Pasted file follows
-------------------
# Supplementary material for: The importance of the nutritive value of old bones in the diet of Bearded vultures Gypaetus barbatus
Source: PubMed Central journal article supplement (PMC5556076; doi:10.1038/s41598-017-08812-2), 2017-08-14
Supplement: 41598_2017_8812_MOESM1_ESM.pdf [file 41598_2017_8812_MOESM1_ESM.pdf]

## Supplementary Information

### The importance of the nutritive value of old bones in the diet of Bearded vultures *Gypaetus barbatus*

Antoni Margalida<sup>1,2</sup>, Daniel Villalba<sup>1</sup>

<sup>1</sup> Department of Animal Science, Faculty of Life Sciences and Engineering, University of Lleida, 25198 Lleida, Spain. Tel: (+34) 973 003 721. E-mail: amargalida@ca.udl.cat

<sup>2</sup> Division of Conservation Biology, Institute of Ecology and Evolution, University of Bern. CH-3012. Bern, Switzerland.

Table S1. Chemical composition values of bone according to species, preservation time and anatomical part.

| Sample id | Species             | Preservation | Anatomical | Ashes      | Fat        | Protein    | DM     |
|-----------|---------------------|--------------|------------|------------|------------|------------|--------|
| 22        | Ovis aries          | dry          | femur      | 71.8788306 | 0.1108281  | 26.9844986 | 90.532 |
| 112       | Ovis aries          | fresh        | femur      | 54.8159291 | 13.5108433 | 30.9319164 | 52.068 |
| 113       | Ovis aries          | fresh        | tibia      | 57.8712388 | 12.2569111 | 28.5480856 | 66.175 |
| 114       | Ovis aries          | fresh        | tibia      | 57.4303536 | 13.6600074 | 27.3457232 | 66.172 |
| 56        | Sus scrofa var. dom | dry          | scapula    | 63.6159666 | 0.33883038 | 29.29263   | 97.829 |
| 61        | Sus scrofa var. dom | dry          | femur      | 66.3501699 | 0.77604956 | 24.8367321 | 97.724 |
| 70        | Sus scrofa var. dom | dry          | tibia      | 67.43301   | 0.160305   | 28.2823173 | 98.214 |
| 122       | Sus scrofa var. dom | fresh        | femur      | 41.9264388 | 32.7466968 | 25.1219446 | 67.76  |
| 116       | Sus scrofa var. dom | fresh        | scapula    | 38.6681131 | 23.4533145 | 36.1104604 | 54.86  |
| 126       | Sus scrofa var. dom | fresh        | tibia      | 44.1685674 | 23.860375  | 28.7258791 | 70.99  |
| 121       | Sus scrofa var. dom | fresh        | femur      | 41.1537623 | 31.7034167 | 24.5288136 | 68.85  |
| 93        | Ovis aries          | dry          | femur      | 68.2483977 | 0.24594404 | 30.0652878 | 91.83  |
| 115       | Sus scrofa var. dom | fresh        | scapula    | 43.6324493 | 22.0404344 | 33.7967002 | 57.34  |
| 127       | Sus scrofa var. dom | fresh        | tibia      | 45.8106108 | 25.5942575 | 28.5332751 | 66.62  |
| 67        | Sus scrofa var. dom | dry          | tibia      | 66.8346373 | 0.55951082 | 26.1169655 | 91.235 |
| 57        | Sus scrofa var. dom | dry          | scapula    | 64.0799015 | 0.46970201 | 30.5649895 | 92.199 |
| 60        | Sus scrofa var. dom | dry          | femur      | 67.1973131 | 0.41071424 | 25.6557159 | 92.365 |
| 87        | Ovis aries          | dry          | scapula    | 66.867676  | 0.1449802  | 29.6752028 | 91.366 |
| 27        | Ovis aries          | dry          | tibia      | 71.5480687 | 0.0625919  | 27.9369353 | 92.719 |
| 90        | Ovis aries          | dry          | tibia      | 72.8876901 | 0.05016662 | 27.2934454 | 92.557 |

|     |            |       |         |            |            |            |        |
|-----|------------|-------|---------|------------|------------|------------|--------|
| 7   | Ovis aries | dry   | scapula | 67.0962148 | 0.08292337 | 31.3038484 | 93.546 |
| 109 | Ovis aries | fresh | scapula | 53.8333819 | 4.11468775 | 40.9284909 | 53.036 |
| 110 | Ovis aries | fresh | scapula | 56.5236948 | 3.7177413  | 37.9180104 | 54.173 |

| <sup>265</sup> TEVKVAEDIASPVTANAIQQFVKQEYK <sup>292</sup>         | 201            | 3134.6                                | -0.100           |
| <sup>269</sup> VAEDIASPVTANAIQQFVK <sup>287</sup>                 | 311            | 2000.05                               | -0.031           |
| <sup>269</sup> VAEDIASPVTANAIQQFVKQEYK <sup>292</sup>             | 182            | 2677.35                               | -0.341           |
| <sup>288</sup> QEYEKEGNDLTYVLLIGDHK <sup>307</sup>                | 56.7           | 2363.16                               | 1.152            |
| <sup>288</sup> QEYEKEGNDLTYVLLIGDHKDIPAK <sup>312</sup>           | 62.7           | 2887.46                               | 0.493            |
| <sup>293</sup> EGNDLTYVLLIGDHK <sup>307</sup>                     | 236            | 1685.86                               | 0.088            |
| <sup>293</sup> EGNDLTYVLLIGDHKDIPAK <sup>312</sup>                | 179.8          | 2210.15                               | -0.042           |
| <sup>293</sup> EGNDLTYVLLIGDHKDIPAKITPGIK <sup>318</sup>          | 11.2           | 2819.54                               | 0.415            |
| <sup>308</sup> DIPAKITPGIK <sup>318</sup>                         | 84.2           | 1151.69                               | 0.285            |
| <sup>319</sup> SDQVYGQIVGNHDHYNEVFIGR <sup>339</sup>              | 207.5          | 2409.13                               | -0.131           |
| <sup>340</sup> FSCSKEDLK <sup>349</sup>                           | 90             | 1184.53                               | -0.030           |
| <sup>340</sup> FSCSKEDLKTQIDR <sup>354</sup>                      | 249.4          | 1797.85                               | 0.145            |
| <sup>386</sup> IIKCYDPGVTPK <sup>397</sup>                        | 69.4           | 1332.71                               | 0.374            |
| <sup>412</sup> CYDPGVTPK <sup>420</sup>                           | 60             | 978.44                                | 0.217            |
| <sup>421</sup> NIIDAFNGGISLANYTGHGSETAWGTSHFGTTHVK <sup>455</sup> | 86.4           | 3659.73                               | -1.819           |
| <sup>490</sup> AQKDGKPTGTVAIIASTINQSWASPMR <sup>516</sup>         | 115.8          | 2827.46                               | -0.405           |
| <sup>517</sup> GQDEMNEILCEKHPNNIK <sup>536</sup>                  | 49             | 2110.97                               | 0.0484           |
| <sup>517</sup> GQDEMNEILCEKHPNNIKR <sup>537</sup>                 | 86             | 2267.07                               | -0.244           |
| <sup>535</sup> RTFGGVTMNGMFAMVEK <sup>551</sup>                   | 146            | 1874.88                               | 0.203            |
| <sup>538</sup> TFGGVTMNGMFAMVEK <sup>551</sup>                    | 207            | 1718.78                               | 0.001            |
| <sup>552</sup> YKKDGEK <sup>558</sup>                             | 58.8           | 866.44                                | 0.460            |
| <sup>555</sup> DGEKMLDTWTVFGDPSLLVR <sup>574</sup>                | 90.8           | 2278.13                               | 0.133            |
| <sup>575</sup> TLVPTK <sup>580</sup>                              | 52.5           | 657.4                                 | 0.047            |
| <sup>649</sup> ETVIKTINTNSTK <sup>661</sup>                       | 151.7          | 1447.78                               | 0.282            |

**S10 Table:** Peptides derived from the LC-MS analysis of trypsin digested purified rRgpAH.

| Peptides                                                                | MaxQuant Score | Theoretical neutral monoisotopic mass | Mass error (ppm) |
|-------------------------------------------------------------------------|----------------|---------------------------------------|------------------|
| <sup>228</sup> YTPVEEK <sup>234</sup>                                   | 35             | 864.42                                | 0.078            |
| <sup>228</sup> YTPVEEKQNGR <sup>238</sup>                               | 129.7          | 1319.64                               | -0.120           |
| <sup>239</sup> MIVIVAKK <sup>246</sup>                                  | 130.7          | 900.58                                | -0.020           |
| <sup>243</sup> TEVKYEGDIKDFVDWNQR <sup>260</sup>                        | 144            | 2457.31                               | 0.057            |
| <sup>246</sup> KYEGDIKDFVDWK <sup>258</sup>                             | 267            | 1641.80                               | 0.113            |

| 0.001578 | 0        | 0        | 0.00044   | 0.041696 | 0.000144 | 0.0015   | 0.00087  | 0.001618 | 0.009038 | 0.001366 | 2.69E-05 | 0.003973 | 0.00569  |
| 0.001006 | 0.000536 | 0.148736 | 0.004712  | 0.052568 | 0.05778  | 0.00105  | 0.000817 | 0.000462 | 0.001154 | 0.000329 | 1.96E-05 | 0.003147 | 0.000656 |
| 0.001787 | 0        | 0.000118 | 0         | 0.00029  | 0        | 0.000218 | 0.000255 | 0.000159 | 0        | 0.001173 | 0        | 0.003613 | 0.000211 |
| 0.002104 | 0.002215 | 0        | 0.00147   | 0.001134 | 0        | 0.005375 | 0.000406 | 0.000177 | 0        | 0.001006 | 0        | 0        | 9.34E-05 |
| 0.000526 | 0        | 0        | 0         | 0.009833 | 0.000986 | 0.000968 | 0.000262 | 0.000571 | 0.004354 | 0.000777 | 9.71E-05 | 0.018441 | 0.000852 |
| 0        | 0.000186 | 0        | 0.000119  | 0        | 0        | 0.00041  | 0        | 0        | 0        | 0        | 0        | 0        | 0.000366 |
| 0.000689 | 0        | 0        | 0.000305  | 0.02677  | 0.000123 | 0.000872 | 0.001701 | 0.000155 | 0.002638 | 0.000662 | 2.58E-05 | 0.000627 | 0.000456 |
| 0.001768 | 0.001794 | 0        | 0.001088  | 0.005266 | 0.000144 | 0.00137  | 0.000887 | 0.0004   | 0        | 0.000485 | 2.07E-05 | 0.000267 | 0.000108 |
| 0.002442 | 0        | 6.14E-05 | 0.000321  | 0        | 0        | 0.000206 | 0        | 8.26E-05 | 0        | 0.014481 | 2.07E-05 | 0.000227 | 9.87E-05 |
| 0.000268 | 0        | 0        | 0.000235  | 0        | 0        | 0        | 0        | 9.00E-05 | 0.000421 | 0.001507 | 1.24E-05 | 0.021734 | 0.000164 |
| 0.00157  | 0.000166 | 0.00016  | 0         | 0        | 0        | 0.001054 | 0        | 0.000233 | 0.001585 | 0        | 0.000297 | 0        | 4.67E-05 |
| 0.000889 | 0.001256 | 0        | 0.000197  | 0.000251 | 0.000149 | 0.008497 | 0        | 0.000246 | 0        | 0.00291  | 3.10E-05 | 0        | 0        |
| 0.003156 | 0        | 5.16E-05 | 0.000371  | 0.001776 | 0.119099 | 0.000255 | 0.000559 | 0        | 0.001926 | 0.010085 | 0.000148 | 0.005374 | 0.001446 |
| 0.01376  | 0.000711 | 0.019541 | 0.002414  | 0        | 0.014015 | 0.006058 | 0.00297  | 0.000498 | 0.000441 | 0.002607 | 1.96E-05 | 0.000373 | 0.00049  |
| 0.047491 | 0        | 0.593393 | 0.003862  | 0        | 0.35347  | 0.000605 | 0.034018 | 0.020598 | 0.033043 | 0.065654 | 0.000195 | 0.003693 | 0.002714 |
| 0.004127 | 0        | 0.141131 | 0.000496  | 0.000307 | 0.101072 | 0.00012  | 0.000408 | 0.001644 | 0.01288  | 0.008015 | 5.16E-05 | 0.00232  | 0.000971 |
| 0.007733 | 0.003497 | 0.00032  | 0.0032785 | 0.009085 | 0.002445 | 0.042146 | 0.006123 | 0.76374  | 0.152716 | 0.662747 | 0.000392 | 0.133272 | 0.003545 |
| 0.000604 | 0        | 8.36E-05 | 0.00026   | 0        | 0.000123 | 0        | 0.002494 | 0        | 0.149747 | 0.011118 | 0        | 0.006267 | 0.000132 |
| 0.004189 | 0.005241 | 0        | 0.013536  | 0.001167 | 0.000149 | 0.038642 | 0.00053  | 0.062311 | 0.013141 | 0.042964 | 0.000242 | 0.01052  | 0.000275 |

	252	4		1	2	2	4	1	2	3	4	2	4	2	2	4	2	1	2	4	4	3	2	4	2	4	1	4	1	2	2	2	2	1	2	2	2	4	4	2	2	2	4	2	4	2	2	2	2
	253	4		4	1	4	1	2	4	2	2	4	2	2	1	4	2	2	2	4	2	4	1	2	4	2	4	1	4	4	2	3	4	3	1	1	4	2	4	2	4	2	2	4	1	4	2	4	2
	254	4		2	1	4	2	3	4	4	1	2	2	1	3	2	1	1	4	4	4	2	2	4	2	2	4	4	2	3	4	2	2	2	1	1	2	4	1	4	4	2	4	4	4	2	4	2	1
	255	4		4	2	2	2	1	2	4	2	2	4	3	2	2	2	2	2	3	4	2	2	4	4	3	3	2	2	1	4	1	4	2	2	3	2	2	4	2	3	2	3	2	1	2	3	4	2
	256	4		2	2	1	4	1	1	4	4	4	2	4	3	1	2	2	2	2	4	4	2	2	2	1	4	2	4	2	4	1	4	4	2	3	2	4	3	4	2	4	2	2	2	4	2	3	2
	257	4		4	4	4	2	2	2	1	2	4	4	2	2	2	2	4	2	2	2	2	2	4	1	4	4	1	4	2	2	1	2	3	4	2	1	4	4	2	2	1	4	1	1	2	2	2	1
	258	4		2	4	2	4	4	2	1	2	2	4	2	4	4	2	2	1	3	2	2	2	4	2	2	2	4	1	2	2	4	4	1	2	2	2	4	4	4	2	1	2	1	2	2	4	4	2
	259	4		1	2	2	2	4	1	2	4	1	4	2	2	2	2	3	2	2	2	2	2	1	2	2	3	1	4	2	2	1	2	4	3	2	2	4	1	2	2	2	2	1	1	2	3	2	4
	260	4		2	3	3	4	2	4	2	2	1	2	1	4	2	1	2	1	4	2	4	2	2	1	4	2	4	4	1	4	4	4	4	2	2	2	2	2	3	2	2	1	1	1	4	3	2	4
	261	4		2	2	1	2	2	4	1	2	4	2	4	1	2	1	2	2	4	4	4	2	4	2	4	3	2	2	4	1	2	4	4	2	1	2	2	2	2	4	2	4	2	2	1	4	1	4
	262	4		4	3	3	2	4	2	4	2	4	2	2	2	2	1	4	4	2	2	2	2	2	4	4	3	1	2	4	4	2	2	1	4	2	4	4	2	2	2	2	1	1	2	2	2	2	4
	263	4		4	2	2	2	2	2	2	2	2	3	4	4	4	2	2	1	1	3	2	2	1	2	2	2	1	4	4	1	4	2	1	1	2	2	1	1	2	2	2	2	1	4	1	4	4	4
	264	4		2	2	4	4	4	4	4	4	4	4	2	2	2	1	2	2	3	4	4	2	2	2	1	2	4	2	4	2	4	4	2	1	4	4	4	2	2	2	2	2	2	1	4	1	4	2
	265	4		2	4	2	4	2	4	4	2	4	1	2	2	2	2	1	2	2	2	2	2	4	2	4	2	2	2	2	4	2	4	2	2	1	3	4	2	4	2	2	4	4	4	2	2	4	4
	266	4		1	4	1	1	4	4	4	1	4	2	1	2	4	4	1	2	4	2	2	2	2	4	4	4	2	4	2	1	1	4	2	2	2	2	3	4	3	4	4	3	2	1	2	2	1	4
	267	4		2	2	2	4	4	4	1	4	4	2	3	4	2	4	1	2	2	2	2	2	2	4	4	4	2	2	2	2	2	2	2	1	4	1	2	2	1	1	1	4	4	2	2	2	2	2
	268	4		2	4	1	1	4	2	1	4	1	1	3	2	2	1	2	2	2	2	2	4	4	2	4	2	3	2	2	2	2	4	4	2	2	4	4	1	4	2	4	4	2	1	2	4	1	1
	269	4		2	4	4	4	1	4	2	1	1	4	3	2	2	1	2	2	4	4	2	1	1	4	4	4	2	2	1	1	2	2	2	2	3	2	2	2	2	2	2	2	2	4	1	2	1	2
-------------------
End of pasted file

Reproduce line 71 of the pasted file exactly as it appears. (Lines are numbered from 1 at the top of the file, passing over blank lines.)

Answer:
| 0.001787 | 0        | 0.000118 | 0         | 0.00029  | 0        | 0.000218 | 0.000255 | 0.000159 | 0        | 0.001173 | 0        | 0.003613 | 0.000211 |